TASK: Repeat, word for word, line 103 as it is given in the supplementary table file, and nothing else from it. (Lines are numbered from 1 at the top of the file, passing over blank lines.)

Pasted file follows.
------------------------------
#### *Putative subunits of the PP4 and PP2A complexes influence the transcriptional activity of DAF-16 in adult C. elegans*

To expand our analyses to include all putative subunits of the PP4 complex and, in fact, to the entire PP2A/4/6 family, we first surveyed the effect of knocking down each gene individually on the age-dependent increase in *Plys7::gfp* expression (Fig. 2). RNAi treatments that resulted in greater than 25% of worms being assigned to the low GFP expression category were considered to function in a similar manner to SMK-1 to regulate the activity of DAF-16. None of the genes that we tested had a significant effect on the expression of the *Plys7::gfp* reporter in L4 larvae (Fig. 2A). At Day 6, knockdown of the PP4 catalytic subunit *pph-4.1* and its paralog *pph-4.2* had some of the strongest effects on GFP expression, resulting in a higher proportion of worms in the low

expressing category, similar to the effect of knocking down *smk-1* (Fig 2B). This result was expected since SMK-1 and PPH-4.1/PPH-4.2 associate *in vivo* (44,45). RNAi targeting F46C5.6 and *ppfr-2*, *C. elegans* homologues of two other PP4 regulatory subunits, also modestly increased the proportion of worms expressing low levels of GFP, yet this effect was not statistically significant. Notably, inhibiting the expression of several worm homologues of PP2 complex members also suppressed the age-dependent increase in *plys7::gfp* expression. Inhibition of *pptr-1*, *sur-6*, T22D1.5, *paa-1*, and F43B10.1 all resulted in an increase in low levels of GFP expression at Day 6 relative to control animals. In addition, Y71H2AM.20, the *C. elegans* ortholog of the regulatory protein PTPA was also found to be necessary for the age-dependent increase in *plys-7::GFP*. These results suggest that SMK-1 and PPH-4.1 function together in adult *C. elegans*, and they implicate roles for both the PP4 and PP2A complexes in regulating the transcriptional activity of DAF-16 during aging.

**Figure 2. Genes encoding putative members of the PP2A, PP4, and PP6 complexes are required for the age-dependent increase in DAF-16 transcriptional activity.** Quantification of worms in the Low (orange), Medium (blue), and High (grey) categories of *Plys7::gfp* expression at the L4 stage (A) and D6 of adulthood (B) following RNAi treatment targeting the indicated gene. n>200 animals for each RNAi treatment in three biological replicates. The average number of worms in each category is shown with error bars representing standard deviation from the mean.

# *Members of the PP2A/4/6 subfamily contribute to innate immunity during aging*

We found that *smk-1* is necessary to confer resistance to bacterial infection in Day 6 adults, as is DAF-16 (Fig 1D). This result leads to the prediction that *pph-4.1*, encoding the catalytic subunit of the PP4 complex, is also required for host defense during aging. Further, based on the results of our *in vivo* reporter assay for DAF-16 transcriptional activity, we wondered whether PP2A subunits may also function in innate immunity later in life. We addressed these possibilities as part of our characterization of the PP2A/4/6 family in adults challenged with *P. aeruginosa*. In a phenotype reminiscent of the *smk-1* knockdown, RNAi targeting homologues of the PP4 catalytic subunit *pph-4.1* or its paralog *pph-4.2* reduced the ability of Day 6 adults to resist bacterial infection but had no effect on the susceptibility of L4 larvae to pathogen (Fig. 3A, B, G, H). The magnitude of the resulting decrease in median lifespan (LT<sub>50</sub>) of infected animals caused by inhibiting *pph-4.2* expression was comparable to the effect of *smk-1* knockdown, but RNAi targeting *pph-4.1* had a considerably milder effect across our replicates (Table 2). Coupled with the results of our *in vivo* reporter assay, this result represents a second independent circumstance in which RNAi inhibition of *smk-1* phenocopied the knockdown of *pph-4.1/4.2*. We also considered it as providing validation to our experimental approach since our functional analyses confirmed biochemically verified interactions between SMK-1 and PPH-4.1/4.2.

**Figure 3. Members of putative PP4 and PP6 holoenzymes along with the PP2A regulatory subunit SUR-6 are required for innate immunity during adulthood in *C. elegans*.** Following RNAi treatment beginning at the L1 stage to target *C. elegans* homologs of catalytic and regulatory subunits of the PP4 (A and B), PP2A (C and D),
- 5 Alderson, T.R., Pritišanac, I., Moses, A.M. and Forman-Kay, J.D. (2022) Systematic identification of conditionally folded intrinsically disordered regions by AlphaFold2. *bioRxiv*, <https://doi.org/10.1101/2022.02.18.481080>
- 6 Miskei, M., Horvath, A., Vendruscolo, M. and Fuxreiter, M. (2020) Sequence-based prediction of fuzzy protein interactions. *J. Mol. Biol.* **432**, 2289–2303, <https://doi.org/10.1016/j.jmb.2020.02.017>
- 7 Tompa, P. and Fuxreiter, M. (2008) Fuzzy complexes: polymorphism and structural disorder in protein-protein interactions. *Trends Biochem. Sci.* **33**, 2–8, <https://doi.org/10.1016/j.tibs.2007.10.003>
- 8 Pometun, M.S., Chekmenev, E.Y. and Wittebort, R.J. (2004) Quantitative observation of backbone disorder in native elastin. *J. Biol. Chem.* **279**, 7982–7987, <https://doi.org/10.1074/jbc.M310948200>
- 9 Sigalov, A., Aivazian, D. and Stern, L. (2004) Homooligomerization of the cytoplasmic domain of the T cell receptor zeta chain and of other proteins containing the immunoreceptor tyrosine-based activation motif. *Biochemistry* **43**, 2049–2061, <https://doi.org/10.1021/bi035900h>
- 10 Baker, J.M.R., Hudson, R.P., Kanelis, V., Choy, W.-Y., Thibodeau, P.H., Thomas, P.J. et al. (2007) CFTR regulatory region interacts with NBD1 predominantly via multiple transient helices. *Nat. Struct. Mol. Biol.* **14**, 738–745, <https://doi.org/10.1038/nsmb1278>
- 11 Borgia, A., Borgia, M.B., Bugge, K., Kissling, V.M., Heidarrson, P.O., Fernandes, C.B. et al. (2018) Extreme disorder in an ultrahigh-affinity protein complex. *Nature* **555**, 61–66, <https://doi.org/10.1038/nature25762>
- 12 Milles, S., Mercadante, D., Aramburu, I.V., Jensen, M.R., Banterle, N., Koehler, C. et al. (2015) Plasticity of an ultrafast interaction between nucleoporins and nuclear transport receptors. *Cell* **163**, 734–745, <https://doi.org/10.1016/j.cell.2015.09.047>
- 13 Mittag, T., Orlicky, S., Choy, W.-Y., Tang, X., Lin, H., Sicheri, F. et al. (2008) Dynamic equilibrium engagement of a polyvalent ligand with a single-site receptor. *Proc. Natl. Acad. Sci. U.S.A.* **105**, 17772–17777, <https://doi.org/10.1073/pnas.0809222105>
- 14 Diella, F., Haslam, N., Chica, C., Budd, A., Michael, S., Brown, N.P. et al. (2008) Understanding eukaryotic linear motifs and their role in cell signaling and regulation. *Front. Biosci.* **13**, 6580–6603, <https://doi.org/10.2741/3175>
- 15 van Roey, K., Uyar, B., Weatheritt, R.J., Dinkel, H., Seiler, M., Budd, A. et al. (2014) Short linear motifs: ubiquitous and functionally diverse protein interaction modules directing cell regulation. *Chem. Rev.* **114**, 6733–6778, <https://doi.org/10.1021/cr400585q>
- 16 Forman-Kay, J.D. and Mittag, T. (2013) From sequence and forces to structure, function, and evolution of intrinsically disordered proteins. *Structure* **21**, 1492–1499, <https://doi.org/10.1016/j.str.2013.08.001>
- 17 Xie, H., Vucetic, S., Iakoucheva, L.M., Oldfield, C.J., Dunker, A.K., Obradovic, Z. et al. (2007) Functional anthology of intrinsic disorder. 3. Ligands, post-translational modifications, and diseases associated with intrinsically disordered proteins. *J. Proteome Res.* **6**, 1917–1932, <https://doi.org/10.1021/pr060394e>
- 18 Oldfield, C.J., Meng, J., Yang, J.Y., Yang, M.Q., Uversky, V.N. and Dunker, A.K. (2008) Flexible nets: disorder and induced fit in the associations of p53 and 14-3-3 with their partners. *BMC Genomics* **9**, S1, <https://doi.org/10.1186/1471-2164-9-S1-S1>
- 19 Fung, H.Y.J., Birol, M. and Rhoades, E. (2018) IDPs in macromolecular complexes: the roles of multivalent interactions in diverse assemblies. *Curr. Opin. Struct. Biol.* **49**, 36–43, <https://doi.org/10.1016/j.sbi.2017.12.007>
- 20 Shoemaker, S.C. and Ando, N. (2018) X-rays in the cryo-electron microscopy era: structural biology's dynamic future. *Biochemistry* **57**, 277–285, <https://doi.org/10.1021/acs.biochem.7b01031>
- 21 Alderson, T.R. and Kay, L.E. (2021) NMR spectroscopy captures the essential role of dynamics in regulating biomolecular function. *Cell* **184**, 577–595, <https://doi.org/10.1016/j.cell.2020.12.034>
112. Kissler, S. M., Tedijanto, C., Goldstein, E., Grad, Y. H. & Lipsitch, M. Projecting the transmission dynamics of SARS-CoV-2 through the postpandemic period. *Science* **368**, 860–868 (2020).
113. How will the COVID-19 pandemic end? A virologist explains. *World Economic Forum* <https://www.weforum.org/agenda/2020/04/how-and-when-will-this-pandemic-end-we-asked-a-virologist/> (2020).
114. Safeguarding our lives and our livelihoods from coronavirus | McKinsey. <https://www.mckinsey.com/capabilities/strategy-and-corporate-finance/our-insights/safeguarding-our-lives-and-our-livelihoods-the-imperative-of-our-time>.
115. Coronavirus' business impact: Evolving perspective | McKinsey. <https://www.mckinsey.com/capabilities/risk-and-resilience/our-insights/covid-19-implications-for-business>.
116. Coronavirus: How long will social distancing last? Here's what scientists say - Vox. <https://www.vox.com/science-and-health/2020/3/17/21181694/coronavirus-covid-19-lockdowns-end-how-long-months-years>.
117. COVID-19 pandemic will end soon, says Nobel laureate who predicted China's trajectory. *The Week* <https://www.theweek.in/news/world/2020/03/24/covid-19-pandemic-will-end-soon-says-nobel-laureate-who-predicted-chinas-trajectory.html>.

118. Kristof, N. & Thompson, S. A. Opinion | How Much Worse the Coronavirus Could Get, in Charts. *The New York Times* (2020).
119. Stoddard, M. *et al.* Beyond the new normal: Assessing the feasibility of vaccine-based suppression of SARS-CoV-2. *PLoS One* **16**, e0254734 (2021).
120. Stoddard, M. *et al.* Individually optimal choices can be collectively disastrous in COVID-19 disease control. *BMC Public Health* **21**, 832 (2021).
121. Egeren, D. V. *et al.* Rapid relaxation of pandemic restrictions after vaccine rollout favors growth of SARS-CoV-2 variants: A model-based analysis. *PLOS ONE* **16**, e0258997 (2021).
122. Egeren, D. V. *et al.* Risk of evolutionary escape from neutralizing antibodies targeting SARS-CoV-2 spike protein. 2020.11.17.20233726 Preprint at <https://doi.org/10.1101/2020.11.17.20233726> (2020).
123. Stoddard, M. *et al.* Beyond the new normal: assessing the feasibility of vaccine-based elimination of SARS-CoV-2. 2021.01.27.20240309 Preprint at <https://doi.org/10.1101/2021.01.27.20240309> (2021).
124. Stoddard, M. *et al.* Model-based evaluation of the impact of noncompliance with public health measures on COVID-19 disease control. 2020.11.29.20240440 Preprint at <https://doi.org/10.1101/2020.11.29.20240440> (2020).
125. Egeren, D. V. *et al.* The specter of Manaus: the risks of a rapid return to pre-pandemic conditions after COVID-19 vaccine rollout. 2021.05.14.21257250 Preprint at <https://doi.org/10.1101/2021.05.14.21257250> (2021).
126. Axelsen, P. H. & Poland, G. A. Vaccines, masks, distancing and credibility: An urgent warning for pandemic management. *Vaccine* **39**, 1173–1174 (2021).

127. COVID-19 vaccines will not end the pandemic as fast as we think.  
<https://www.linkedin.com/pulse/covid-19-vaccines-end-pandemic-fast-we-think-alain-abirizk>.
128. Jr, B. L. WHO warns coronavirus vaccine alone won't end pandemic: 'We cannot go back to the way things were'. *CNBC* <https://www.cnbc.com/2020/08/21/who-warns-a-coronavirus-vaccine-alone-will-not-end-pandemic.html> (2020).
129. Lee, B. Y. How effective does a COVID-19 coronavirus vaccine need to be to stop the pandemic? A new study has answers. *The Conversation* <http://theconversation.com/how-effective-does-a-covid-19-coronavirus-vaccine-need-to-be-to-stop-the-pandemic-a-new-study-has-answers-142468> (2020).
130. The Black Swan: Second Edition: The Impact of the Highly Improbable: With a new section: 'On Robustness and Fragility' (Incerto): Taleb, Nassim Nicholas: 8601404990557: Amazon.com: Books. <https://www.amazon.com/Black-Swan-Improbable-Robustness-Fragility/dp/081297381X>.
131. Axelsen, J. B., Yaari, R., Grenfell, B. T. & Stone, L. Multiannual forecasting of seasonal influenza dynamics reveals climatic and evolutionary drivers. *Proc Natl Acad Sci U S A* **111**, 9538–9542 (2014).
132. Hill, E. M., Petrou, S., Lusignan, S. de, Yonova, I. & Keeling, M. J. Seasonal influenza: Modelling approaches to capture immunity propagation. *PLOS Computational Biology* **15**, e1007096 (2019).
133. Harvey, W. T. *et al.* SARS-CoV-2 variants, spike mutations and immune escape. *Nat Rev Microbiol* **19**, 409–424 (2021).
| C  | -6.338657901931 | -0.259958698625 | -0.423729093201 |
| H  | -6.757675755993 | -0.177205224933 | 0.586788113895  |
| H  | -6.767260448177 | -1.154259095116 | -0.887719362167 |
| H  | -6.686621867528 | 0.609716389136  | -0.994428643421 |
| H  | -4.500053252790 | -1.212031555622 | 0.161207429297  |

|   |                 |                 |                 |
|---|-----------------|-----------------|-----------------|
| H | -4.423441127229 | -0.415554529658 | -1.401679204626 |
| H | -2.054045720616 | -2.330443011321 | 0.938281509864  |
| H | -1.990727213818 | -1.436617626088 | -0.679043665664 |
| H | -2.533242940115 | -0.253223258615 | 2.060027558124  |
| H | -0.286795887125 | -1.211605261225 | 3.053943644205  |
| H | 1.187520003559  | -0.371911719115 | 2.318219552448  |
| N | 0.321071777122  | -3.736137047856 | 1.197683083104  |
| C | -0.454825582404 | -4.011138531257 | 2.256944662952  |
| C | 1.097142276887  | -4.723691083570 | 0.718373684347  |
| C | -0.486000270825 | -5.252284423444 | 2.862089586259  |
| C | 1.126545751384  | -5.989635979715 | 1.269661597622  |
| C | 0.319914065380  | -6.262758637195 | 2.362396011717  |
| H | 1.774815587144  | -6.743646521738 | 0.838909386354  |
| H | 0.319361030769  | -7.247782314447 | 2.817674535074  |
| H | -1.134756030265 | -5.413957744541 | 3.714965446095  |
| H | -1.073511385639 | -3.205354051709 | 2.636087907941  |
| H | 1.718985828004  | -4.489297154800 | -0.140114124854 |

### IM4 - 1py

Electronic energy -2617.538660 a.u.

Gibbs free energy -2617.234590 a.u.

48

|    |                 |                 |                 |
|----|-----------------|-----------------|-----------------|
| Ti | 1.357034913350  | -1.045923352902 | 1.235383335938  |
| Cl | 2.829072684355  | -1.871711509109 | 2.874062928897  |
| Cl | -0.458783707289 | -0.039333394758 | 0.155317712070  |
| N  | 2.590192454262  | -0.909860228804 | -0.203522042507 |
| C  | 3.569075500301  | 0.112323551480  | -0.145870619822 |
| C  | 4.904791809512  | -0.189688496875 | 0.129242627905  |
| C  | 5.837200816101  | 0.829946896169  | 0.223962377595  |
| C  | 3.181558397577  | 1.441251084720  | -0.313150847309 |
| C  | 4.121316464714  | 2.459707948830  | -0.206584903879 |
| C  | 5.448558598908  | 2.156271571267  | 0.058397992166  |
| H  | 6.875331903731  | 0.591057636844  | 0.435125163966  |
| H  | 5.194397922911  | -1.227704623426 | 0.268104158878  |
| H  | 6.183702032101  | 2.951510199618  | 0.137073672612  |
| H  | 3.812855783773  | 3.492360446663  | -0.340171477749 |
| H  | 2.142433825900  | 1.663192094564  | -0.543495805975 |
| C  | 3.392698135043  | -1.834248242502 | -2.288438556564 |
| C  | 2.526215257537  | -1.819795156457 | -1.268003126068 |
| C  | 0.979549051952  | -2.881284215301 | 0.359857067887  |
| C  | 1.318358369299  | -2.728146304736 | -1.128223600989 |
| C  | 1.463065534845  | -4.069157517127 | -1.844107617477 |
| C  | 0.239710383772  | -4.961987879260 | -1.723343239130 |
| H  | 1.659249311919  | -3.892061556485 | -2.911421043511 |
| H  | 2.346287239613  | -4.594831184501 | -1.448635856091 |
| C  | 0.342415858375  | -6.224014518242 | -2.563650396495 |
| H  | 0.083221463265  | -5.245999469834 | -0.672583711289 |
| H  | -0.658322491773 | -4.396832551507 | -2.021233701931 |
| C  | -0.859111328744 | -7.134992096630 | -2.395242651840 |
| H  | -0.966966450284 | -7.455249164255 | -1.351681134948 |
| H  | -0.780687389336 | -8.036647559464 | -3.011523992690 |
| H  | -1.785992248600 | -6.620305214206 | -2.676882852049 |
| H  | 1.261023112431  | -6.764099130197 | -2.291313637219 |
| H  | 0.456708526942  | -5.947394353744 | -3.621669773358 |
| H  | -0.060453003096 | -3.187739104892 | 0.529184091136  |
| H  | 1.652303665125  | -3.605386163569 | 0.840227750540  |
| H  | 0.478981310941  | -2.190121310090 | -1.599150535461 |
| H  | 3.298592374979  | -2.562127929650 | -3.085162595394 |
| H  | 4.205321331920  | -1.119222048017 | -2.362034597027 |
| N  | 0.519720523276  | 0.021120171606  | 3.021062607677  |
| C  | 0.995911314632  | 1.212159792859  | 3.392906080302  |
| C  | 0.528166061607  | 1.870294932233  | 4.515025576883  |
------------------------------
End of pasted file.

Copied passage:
| H  | -0.658322491773 | -4.396832551507 | -2.021233701931 |